As with the city of Paris, all the water pipes in the Champ de Mars are made of cast iron and laid on so-called ring joints, sealed with lead, which offers the immense advantage of being able to replace deteriorated pipes without being obliged to make long continuity solutions, as happens with socket pipes.
The laying of these innumerable pipes presented difficulties that the public hardly suspects. Studied at length and methodically prepared by Mr. Fournié, the work had to be undertaken in a very bad and rainy season. It took a great deal of skill and experience for the contractors to carry out the work in the midst of the embarrassments of the Palace and Park constructions, in freshly brought in soil that was constantly soaked by rain.
M. Mounot, head of section, directed the work on behalf of the Imperial Commission: the expense did not exceed 200,000 francs. This is why the water could be delivered to individuals at the price of ten centimes per cubic metre; that is to say, cheaper than in the city, and with no minimum consumption imposed.
The most real difficulty was the backflow under the pavement of the Pont d'Iéna for the double passage of the 0.35 m pipe which goes up to the Trocadero and comes down again. Mr. Vaudray, chief engineer of the Seine navigation, lent his active and intelligent support to this work.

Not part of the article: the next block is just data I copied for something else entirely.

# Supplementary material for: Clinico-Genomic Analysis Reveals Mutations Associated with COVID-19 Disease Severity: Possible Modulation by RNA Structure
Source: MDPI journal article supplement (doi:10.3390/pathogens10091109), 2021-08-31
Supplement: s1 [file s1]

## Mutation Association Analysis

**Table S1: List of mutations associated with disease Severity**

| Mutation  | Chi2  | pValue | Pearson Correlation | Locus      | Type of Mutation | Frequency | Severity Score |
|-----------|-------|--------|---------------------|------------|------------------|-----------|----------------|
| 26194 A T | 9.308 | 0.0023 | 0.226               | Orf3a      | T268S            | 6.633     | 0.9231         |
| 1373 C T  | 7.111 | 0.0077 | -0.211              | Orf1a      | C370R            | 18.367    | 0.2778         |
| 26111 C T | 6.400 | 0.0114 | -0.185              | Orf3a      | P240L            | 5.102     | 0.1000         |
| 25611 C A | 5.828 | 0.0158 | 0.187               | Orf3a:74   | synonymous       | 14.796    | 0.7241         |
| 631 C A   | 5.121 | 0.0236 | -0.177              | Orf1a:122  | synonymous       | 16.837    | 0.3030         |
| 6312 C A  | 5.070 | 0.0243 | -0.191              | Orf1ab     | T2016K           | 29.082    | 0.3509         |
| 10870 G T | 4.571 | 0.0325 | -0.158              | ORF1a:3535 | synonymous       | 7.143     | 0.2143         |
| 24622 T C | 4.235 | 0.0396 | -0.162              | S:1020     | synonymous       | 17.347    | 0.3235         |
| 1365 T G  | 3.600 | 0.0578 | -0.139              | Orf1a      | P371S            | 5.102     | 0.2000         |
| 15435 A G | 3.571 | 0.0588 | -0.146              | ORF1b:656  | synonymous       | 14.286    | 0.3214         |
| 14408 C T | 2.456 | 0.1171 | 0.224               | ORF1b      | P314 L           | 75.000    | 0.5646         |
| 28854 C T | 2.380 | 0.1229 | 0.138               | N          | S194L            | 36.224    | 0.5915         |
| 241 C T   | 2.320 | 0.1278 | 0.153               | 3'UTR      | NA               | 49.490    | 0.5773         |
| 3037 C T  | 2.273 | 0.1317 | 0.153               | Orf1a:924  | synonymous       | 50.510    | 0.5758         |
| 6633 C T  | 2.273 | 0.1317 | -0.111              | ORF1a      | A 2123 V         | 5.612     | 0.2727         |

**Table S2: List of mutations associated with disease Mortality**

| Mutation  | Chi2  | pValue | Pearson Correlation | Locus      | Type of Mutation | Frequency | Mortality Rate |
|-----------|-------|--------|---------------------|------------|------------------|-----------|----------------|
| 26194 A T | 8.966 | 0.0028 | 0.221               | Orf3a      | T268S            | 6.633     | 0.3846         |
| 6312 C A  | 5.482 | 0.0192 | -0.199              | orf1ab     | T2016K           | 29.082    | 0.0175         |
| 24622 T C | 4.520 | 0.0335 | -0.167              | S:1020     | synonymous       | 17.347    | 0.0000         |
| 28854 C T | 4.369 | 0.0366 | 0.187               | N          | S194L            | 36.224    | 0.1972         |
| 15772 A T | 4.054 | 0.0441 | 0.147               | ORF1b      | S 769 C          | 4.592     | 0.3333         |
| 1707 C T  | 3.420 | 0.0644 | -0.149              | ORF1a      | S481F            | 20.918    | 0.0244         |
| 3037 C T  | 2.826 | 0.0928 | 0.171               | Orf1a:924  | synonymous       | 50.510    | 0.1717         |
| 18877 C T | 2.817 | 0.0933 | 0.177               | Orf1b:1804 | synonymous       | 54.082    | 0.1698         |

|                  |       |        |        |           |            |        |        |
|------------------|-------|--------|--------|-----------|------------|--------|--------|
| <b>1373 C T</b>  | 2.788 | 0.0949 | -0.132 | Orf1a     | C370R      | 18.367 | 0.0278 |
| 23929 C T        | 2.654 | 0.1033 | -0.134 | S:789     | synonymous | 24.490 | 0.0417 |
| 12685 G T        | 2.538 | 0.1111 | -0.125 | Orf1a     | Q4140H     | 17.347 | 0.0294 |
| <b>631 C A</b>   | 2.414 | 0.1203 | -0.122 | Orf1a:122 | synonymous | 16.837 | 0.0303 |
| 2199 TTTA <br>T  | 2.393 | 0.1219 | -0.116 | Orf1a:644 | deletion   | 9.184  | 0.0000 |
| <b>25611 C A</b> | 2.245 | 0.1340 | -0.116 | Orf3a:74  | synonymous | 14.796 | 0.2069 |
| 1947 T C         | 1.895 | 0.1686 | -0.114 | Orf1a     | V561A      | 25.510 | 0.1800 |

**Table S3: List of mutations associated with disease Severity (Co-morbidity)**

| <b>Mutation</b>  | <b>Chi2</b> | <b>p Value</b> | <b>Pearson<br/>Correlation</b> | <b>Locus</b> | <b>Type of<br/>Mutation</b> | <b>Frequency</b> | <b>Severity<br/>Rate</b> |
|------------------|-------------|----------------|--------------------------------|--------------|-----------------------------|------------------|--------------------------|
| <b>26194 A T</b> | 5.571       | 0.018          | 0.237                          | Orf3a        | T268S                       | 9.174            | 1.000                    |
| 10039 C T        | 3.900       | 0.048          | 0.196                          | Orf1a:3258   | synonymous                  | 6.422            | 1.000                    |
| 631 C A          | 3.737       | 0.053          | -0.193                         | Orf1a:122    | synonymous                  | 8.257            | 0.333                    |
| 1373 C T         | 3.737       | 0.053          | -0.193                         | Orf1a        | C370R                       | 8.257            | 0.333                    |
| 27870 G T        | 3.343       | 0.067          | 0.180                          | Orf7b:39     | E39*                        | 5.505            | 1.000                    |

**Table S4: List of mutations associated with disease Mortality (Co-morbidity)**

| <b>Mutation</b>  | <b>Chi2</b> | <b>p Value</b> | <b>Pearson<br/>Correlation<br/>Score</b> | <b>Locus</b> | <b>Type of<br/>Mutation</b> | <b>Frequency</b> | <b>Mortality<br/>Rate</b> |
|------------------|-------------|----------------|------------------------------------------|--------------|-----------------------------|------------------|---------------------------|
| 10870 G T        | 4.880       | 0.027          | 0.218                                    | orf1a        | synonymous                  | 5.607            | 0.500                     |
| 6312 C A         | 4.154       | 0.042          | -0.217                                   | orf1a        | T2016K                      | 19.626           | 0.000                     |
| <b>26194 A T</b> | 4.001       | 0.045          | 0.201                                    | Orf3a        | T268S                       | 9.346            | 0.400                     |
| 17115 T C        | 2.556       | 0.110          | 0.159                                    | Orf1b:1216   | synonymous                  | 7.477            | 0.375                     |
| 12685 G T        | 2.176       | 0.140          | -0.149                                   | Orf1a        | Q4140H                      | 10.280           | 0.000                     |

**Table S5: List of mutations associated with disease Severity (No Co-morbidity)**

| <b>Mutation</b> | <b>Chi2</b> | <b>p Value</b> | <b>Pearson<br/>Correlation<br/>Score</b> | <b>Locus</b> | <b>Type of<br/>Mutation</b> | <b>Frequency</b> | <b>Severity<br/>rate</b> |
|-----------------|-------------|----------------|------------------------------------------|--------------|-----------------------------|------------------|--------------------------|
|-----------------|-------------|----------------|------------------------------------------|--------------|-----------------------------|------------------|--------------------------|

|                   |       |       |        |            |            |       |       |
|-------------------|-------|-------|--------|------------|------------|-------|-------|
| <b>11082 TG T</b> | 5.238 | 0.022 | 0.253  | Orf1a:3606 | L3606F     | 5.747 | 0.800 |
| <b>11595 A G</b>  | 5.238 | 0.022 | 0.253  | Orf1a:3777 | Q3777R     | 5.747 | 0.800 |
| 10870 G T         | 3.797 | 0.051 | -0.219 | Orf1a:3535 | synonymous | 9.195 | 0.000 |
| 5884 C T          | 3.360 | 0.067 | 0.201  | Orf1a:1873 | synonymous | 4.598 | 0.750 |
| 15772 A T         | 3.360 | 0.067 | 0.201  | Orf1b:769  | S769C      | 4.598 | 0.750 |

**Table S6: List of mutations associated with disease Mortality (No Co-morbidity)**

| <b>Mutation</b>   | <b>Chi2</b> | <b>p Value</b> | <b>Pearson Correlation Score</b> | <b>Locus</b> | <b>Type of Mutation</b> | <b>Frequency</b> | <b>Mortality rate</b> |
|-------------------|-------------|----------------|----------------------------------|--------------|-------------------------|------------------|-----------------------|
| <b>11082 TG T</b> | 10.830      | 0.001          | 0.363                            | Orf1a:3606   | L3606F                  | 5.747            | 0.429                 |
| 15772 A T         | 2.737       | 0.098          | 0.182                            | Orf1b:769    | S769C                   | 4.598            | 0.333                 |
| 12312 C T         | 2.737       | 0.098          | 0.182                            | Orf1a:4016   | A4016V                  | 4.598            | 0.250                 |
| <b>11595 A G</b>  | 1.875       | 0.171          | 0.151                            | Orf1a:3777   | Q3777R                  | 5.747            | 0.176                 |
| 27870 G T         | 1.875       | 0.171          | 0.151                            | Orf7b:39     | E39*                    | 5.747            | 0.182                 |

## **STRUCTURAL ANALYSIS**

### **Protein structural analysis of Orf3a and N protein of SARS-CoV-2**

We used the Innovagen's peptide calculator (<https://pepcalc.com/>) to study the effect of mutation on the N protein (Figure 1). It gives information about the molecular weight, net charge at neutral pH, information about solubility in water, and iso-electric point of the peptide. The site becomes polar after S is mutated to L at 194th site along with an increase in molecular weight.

We will speak another time about the filtered water service. The filtering is done instantaneously in a 0m,100 pipe which is sufficient for all the drinking water needs of the Palais and the Park, and for the supply of the aquariums.
The same exploration that we have undertaken for the water service, we should do again for the gas service. Everything will come in its own time; the road ahead is long.
It is good to inform the public of all that is being done at the Champ de Mars for their pleasure or satisfaction. This disclosure will serve as a lightning rod for its ingratitude, both within and beyond our borders. Justice has a slow pace and a lame foot; but it arrives nevertheless.
©L'Exposition Universelle de 1867 Illustrée